Not only do I speak to remind myself, but to anybody else who might feel uninspired or at a low point with their relationship to their body. It’s not a straight progression to self-acceptance. At times, it feels like the world is just asking you to revert back to default negativity. But you’re so much stronger than you believe.

Even if it seems like your body is working against you, that it’s angry at you for its current state and past pitfalls, this is when it so desperately needs positivity the most. For me, that’s looked like what is basic hygiene and activities, but when you’re depressed, they can be the greatest forms of self-care. Yes, brushing your teeth and taking a shower are big deals. Accomplishing just one assignment of the entire list you had planned out is a victory.

Make peace with your body. The simplest phrase yet the absolute hardest to believe and implement. I’m by no means at that point, but I’m much farther than I used to be. That’s all I can ask for is looking forward. Not beating myself up for eating a food that my body reacts negatively to. Not shaming myself for what can feel like a crippling disability at its worst. Not letting my thoughts control me and enslave me back into nasty habits.

It’s about taking little intentional steps each day to be my best. I avoid being hung up by my reflection because there’s no point in worrying and guessing what my body looks like when I honestly cannot accurately see it for what it is (still a work in progress…). I dress in whatever I feel comfortable on that day. I do my best in that moment and don’t beat myself up if I’m not up to my full capacity. I take each day at a time, trying not to look too ahead and stress about what has not come yet.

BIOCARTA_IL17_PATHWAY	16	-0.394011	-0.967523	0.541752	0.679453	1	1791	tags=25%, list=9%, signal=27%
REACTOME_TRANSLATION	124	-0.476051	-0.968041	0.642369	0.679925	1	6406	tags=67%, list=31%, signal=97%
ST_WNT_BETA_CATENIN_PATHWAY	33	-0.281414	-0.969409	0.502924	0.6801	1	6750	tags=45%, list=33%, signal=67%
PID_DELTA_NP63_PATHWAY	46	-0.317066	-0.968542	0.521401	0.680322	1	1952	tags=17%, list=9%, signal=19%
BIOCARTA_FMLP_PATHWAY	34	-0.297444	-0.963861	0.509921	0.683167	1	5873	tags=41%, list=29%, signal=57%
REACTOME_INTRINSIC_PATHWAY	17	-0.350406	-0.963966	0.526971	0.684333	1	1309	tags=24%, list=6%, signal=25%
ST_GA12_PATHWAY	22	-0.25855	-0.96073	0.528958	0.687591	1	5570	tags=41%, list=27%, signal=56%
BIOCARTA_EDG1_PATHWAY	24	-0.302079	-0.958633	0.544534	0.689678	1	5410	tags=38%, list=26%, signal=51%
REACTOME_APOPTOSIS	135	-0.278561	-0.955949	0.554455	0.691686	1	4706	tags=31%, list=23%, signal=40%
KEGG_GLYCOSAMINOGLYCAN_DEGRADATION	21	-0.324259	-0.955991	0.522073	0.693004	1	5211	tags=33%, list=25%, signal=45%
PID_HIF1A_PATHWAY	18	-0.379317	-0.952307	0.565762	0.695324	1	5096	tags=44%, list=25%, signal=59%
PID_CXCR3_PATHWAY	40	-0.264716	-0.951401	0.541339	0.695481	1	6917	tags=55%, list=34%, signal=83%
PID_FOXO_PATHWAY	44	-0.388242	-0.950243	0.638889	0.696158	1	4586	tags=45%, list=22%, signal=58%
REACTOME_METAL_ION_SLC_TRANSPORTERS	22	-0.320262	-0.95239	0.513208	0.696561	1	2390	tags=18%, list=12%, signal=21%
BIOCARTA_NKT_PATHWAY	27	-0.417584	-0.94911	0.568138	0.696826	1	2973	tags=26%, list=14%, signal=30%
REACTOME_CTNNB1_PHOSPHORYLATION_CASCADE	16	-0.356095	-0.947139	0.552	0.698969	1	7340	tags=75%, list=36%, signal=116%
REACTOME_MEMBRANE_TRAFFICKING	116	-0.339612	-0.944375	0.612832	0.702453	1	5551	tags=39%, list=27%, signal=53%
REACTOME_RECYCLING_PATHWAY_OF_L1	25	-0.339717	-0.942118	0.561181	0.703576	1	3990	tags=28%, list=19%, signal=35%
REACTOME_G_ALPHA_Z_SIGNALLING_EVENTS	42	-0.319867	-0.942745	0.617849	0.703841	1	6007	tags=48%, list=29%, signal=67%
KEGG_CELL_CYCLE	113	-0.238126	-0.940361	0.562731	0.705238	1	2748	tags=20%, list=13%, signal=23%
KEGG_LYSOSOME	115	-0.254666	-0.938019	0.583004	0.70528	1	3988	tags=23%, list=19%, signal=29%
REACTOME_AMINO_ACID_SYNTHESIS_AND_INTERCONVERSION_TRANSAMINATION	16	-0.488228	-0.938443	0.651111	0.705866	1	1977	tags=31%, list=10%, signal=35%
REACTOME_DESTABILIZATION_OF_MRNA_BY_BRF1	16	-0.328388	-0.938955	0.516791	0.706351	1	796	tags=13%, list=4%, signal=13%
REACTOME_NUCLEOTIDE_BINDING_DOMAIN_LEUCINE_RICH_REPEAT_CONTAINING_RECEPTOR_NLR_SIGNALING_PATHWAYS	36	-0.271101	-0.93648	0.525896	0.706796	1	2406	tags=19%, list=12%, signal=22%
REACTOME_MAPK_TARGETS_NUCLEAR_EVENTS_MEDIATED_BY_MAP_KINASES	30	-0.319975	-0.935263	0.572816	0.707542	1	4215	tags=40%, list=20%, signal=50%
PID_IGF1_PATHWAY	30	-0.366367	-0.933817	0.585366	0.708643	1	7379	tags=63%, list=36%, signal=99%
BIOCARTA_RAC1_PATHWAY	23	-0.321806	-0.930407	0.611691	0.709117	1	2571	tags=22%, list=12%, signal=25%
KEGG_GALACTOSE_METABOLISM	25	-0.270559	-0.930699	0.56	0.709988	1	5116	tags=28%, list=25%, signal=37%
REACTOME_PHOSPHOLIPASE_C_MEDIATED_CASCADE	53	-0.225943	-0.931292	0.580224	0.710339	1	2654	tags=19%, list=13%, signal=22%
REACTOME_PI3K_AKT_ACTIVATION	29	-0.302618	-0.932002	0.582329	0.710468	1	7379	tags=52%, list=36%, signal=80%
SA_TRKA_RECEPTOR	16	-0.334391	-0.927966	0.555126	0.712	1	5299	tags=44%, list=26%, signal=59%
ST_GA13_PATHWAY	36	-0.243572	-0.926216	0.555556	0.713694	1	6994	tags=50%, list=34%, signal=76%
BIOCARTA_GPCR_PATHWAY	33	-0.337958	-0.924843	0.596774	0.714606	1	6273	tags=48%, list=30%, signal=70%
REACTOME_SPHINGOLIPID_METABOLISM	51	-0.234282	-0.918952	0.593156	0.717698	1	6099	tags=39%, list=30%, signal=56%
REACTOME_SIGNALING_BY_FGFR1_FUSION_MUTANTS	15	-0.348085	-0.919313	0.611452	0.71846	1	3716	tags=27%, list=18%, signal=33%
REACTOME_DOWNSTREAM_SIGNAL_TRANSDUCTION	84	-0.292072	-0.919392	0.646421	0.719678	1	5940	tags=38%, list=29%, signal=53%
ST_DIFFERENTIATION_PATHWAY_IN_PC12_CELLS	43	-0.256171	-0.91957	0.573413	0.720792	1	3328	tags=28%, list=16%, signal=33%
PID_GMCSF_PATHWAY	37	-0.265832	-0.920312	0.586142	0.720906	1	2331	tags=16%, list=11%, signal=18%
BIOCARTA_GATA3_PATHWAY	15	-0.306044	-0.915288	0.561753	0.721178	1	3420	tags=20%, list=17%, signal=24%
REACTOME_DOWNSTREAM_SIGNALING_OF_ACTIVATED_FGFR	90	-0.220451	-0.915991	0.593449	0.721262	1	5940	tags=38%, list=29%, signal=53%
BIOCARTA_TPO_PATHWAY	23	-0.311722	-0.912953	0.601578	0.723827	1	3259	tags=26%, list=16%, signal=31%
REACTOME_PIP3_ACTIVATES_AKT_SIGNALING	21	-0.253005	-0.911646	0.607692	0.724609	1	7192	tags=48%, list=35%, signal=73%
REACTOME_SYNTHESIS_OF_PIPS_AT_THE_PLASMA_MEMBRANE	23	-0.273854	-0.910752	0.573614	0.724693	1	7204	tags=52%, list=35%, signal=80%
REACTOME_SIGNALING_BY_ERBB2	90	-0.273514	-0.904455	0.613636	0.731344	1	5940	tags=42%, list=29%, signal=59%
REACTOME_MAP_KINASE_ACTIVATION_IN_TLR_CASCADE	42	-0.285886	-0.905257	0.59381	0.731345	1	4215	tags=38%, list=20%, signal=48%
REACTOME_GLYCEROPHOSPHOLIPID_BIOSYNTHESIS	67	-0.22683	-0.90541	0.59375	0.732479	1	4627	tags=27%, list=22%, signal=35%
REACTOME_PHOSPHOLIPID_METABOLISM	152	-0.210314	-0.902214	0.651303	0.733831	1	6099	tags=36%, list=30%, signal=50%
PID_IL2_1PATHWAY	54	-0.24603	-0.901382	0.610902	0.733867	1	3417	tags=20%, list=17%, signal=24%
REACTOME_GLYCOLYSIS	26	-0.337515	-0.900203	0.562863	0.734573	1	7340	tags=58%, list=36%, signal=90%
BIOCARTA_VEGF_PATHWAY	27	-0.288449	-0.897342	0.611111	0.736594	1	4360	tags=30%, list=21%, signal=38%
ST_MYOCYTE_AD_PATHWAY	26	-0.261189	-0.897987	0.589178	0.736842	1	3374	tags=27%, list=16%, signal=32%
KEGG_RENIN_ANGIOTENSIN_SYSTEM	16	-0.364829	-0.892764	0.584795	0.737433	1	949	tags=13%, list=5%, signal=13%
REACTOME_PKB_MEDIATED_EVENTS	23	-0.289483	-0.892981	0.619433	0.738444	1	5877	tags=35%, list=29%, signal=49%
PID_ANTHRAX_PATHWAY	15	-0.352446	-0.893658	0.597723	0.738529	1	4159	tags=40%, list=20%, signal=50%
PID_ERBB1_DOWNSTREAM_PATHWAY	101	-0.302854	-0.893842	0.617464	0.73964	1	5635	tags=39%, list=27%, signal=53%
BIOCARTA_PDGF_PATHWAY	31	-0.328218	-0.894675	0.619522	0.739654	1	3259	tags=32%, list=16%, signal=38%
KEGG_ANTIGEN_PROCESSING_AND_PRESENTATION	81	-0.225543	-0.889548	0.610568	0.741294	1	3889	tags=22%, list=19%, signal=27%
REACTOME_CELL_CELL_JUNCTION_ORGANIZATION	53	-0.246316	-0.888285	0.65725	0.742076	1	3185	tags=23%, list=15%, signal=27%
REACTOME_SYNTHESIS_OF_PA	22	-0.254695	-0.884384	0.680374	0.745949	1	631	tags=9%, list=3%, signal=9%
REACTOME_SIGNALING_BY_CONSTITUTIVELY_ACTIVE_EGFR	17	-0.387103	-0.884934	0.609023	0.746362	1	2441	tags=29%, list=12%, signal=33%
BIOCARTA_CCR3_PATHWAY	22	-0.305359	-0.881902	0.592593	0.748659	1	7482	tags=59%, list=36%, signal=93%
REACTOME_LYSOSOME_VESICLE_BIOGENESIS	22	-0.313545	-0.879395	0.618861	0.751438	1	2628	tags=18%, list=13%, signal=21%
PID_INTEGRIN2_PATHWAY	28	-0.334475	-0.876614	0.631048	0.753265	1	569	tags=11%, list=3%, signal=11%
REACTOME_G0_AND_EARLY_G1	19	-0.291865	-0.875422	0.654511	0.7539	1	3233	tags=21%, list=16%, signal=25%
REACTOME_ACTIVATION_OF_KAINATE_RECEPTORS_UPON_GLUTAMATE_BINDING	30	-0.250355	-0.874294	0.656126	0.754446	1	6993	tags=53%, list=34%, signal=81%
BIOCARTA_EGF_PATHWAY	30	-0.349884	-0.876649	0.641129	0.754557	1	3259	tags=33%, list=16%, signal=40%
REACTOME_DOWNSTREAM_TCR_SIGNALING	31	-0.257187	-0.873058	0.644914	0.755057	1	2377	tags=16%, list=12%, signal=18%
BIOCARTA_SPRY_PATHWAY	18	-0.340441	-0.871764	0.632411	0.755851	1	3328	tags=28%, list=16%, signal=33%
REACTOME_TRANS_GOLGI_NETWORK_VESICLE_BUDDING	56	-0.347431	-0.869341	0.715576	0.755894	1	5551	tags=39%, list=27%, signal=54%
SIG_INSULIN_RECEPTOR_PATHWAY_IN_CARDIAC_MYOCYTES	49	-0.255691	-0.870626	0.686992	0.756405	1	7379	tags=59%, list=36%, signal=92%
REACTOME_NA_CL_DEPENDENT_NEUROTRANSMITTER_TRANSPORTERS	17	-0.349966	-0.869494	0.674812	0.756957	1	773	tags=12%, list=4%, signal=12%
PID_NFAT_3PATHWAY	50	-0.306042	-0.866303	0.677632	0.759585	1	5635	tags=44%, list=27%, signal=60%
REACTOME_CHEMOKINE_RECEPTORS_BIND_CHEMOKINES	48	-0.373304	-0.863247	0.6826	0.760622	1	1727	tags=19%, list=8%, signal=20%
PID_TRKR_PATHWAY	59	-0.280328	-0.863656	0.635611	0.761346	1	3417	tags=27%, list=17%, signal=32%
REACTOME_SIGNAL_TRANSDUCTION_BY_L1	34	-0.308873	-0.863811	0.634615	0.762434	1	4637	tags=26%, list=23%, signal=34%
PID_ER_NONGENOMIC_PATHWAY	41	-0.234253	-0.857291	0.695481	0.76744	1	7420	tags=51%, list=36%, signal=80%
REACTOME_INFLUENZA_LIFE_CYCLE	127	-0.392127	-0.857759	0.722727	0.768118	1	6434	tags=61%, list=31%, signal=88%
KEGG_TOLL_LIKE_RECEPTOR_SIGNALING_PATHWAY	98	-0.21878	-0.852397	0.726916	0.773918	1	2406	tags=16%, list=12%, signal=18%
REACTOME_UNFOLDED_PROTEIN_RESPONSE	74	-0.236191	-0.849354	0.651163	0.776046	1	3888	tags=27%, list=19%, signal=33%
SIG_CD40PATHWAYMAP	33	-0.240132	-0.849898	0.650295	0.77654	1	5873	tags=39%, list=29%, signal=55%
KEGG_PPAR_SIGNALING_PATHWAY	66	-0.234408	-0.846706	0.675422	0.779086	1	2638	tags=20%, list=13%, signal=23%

Again, this isn’t an easy process for me. I hope to have more answers as to better managing my IBS symptoms soon and potentially strengthening my antidepressants, but until then, all I have is right now. Whatever progress I envision making isn’t going to happen overnight as per usual for any illness, physical or mental. Even if I feel defeated in my self-image, I can still move forward in other aspects of my life, and that’s okay. Is it ideal to have your body and mind feeling like they’re playing off each other to sabotage you? Certainly not. But that doesn’t mean you can’t make the best of right now. It’s all we have, and an optimism for the future, a potential only possible by taking care of ourselves in this moment.